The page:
Parents usually want to give their children more opportunities than they had in life. You may have always intended to pass much of what you achieved and earned during your life on to your children when you die.
However, when you remarry, your children’s inheritance could potentially be at risk. If you don’t update your estate plan carefully, everything you want your children to receive could become the property of your spouse.
How can you protect your children’s inheritance?
There are numerous different approaches to protecting the assets you would like your children to inherit when you remarry. One of the more common choices involves the creation of a trust. That way, you can provide for your new spouse while still leaving everything to your children.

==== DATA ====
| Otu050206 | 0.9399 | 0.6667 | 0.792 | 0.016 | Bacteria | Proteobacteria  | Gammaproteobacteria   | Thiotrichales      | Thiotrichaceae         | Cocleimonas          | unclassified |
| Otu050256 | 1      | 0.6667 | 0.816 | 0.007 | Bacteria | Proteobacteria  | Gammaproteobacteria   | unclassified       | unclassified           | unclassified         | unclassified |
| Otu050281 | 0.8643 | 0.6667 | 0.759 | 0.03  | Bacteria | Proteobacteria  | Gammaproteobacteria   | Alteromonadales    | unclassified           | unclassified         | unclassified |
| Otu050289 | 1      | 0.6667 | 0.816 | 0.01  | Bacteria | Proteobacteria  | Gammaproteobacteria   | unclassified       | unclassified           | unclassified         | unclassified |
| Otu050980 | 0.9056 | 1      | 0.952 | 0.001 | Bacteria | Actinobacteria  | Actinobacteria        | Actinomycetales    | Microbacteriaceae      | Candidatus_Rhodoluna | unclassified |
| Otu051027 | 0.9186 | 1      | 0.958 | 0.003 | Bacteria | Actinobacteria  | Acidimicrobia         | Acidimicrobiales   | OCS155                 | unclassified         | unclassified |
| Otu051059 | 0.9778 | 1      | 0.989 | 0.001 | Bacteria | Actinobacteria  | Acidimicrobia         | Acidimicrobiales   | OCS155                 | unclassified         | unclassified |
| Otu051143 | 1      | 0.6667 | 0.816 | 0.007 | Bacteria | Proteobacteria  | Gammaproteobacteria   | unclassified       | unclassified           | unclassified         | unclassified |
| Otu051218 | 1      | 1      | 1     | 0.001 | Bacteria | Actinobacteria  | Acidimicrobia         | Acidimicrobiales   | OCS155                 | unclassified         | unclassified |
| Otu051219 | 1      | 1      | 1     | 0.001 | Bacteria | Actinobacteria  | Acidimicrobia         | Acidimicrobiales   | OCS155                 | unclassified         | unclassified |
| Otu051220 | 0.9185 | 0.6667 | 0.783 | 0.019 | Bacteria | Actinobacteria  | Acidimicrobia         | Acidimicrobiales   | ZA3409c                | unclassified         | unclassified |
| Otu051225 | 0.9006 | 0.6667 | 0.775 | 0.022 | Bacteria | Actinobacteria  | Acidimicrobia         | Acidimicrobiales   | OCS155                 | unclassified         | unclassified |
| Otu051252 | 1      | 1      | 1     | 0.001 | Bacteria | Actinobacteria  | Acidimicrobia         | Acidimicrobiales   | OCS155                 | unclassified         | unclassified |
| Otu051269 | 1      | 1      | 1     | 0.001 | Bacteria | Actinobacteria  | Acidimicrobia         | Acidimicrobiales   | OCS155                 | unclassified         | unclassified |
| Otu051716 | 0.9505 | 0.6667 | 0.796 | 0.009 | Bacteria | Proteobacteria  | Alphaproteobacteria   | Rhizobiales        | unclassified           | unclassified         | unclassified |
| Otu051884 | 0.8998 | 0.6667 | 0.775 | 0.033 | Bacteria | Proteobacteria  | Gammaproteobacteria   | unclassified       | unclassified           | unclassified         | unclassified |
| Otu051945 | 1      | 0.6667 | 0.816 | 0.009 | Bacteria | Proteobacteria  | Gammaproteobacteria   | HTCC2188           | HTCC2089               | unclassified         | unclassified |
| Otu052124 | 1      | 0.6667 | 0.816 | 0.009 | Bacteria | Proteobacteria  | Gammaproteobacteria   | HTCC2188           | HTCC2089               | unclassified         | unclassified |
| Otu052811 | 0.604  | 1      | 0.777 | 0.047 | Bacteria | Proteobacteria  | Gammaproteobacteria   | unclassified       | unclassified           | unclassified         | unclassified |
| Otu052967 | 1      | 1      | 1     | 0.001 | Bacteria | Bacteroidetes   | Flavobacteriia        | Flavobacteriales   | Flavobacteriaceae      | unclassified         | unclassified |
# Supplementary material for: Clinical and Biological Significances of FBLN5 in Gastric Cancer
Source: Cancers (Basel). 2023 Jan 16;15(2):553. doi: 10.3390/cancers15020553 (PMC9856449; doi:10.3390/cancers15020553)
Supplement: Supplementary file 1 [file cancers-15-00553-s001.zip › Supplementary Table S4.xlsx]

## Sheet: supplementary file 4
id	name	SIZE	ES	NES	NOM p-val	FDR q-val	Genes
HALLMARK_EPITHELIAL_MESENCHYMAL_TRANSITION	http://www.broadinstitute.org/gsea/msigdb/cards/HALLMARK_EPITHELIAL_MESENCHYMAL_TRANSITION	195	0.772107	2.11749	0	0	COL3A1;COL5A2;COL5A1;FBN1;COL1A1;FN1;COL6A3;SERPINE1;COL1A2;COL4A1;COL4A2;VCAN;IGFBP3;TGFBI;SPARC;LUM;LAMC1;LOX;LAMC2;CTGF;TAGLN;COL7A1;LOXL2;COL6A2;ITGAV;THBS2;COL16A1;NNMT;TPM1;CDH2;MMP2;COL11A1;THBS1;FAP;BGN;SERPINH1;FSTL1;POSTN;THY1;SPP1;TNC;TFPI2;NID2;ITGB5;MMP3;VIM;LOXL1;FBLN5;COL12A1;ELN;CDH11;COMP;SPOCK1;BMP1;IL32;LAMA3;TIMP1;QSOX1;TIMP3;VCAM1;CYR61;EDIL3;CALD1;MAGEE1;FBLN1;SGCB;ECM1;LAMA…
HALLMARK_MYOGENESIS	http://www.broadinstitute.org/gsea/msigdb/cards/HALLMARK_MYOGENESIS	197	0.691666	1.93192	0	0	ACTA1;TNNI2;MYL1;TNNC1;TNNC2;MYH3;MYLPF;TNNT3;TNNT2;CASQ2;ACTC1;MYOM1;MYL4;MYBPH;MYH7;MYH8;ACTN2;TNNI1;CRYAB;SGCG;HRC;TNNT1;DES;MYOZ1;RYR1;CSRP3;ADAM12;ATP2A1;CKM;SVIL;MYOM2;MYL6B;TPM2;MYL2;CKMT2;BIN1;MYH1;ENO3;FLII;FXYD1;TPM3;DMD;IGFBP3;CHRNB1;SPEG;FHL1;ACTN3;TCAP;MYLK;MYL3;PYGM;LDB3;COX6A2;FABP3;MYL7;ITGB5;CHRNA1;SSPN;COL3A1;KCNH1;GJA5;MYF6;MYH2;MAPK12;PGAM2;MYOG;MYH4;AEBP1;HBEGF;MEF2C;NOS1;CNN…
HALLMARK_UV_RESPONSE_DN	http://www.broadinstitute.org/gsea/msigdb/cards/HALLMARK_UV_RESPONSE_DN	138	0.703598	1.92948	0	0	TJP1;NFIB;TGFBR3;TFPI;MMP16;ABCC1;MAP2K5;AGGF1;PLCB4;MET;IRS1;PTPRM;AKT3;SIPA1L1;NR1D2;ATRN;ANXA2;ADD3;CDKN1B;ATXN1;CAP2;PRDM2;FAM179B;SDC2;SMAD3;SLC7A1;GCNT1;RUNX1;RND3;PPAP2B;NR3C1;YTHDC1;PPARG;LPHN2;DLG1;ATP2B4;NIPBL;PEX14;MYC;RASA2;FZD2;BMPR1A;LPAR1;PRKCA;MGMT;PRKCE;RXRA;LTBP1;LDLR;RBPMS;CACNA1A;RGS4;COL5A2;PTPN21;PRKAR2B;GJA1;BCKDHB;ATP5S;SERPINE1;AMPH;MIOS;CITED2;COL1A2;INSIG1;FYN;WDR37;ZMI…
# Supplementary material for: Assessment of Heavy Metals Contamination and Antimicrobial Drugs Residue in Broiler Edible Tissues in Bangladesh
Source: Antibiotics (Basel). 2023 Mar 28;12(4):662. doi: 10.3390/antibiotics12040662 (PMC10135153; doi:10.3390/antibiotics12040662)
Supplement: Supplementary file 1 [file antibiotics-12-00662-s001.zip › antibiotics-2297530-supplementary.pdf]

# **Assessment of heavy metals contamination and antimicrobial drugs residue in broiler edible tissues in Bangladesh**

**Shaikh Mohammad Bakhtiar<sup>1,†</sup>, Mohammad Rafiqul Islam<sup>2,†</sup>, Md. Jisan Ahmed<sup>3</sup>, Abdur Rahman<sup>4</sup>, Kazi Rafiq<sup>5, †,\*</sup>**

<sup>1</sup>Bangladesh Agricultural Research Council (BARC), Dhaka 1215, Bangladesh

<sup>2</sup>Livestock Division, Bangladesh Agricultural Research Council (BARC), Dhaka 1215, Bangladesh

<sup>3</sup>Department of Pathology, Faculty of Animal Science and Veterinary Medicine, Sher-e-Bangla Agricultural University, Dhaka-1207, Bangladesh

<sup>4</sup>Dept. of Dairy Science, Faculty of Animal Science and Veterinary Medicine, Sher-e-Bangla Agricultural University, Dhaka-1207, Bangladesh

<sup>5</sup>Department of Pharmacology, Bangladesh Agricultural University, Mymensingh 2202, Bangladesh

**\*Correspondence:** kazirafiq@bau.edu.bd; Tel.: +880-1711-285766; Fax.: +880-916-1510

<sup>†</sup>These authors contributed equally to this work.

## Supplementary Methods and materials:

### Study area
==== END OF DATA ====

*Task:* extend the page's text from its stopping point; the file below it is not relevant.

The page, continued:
For example, you could transfer ownership of your home to a trust. You can then structure the trust in a way that allows your spouse to live there for the rest of their life without passing the property to their children or other people when they die or selling it for money while still alive.
They can use the property but cannot sell it because it belongs to the trust and not to them personally. You could do something similar with financial resources. You may set some aside for your spouse with the instruction that the balance goes to your children when your spouse dies.
If you don’t want to add a trust to your estate plan, then you may need to update your beneficiary designations and last will so that your children inherit the property when you die. Creating estate documents or updating them when your family changes can protect your legacy and the people you love.